Parsley isn’t just the garnish of choice of many restaurants. The herb is incredibly heart-friendly, full of iron and vitamins A, C, and K.
It comes in a few varieties, including Italian flat-leaf (Petroselinum crispum) and curly parsley (Petroselinum crispum neapolitanum).
While the herb is pretty easy to grow, it sometimes turns yellow. Can you overwater parsley?
You can overwater parsley. Both overwatering and underwatering this herb will result in yellow leaves. Parsley enjoys its soil being moist but doesn’t like being waterlogged. Thus, if the day is particularly hot or windy, it may require a second watering.
Because parsley does turn yellow when it isn’t watered enough, many people assume yellow parsley always means it needs more water.
Unfortunately, parsley turns yellow for any of its stressors, including overwatering.
Thus, if your parsley is turning yellow, check its soil before jumping to conclusions.
Why Does Parsley Turn Yellow?
Parsley can turn yellow due to:
- too much hot sun
- too much wind
- or pests
Because parsley is often grown in containers, its soil can dry out faster thanks to too much sun or wind.
However, some containers don’t drain well, and boggy soil causes parsley’s roots to rot.
How To Check Your Parsley’s Soil
If your parsley is turning yellow, the first thing is to start regularly checking its soil.
The easiest method is to just stick your finger into it and see if it is dry, damp, or boggy.
If that doesn’t appeal, use a dry stick or chopstick and gently ease it into the pot, and give it a little wiggle so you can see in there.
What To Do If Parsley Is In Dry Soil?
If the parsley’s soil is too dry, then it needs to be watered more often.
If you are watering it once a day, switch to two.
Also, consider moving the plant into partial shade if it is standing in full sun. Parsley loves warm weather and sunshine.
However, the herb hails from Europe, so some places in the world, such as parts of the United States, get far hotter in summer than parsley prefers.
So, a little shade might perk it up and keep its soil from drying out so fast.
If your parsley is planted into the ground, make it a little shelter with some shade cloth to take the edge off your intense summer heat.
Even Better: A wind shelter could be helpful, too, if it has been particularly blustery.
What To Do if Parsley Is in Boggy Soil?
If the parsley’s soil is too boggy, you might be overwatering it.
Cut back and see if that helps. If the soil continues to be boggy, then it is time to repot it.
Boggy soil causes root rot, which is bad for the plant as well as for people who use parsley roots for herbal remedies.
Parsley is very happy in good old potting soil. First, make sure you have a container of the correct size, so the roots have room. Also, ensure the container has drainage holes and a bit of gravel or rocks at the bottom.
Then replant your boggy parsley into a nice, drainable new home.
Compost is lovely stuff, and your parsley would like some, but it sometimes holds water. Make sure to mix compost well with potting soil or something similar to help with the drainage.
Also, adjust your watering. You might need to scale it back to every two or three days, especially if there is a lot of leaf matter in your compost.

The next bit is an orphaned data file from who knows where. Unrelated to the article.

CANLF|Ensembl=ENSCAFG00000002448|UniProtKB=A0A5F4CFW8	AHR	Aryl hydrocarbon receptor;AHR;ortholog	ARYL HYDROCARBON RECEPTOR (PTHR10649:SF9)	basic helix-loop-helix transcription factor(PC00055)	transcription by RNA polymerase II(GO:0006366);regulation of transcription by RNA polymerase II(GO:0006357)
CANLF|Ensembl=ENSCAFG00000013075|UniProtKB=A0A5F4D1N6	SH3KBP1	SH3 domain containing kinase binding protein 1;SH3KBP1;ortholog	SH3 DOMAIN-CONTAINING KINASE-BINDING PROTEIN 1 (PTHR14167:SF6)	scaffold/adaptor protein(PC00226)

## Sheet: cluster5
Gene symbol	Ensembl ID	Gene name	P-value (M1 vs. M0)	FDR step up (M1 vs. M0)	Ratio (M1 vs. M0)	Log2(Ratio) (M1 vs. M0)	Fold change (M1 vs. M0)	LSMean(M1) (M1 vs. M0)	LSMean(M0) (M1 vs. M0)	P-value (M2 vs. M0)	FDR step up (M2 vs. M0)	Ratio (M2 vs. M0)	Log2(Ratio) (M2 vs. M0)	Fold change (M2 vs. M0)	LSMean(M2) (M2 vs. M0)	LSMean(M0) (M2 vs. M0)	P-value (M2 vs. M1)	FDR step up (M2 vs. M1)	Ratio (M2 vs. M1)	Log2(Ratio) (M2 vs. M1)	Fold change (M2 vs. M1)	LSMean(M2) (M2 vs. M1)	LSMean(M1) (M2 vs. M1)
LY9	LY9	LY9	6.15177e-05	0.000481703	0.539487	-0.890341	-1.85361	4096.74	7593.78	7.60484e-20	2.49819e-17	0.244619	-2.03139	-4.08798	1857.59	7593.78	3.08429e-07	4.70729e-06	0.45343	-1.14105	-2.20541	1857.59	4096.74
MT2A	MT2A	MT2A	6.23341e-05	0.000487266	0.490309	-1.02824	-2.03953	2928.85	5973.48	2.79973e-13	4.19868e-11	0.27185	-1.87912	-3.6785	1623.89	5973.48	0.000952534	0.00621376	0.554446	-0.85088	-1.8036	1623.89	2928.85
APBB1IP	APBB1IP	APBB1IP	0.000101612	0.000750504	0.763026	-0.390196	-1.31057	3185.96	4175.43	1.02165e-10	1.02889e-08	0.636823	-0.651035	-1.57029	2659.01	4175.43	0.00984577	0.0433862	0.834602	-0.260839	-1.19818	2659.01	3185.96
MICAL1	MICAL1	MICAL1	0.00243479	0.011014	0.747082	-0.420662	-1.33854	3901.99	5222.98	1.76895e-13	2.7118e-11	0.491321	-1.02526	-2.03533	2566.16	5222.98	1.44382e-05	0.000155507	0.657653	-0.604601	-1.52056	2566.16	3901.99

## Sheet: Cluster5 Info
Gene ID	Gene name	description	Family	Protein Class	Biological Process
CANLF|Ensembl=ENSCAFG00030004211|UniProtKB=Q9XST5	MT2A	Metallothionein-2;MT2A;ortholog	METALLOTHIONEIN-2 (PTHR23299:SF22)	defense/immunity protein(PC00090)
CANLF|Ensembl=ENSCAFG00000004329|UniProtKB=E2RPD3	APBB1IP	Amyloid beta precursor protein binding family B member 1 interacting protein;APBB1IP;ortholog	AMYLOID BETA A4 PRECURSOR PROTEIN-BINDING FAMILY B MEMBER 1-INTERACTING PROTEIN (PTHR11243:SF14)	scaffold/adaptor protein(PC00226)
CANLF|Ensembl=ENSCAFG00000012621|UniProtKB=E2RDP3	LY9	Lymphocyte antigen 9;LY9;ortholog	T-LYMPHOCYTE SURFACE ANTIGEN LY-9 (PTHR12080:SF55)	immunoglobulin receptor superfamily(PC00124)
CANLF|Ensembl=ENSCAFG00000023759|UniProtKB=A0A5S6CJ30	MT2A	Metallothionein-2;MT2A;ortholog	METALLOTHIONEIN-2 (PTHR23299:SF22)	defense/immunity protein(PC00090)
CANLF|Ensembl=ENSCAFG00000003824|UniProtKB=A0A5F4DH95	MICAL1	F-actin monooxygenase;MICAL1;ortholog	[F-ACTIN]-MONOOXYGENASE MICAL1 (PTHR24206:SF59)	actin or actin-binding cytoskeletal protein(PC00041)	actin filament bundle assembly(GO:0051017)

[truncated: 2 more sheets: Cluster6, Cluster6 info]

Oddly enough, parsley can handle living in clay soil when planted directly into the earth. But again, you need to adjust the watering accordingly and make sure that part of your garden isn’t becoming boggy.
Again: In some soils, parsley does better watered every three days rather than daily.
Parsley Attacked by Aphids or Spider Mites
If your parsley is yellow, but the soil is fine, and the heat or wind isn’t blasting it, then you might have pests.
Common parsley pests that create yellow spots or droopy yellow stems are aphids and spider mites.
What to Do if Your Parsley Has Aphids
Thankfully, aphids rarely hurt the parsley enough to kill it.
Predatory insects also tend to keep the little critters in check. But occasionally, aphids start making parts of your parsley turn yellow and distort those stem growth.
If it is just a couple, squish ‘em. Alternatively, prune the couple of branches the pests are hanging out on, and then your problem is solved.
Squirting your parsley with water mixed with a dollop of canola oil helps keep aphids from pestering your herb.
Alternatively, use an organic pest spray or the popular recipe below, which is meant for spider mites, but aphids don’t like it either.
What to Do if Your Parsley Has Spider Mites
Spider mites are tiny, making them nearly impossible to see.
But these leave these yellow spots on your parsley, making their presence known.
Spider mites tend to attack parsley that:
- Is underwatered
- Planted in poor nutrient soil
- Over fertilized
- It is in too much shade
As with aphids, prune off any obviously infected parts of the parsley.
Then, use an organic spray or make one from canola oil and a non-degreasing dish soap.
Popular concentrate recipe for aphids and spider mites:
- 2 cups canola oil
- 2 tablespoons of dish soap (liquid, non-degreasing)
Every time you want to use it, put 1.5 teaspoons of the mixture into a spray bottle with 1 cup of warm (not hot) water.
Give it a good shake, then spray your poor parsley, paying attention to the underside of the leaves as well as the top and sides.
Is Yellow Parsley Edible?
Yellow parsley is perfectly edible in that it won’t make you ill.
You might not want to eat it because its flavor has been ruined.
It isn’t so much that it tastes terrible as it just has this dry nothingness about it. But it won’t hurt you.
Yellow parsley is a sign of stress.
You can overwater or underwater parsley. Just check the soil and adjust your watering routine as necessary.
If that doesn’t help, consider adjusting the plant’s position while also checking for pests such as aphids or spider mites.
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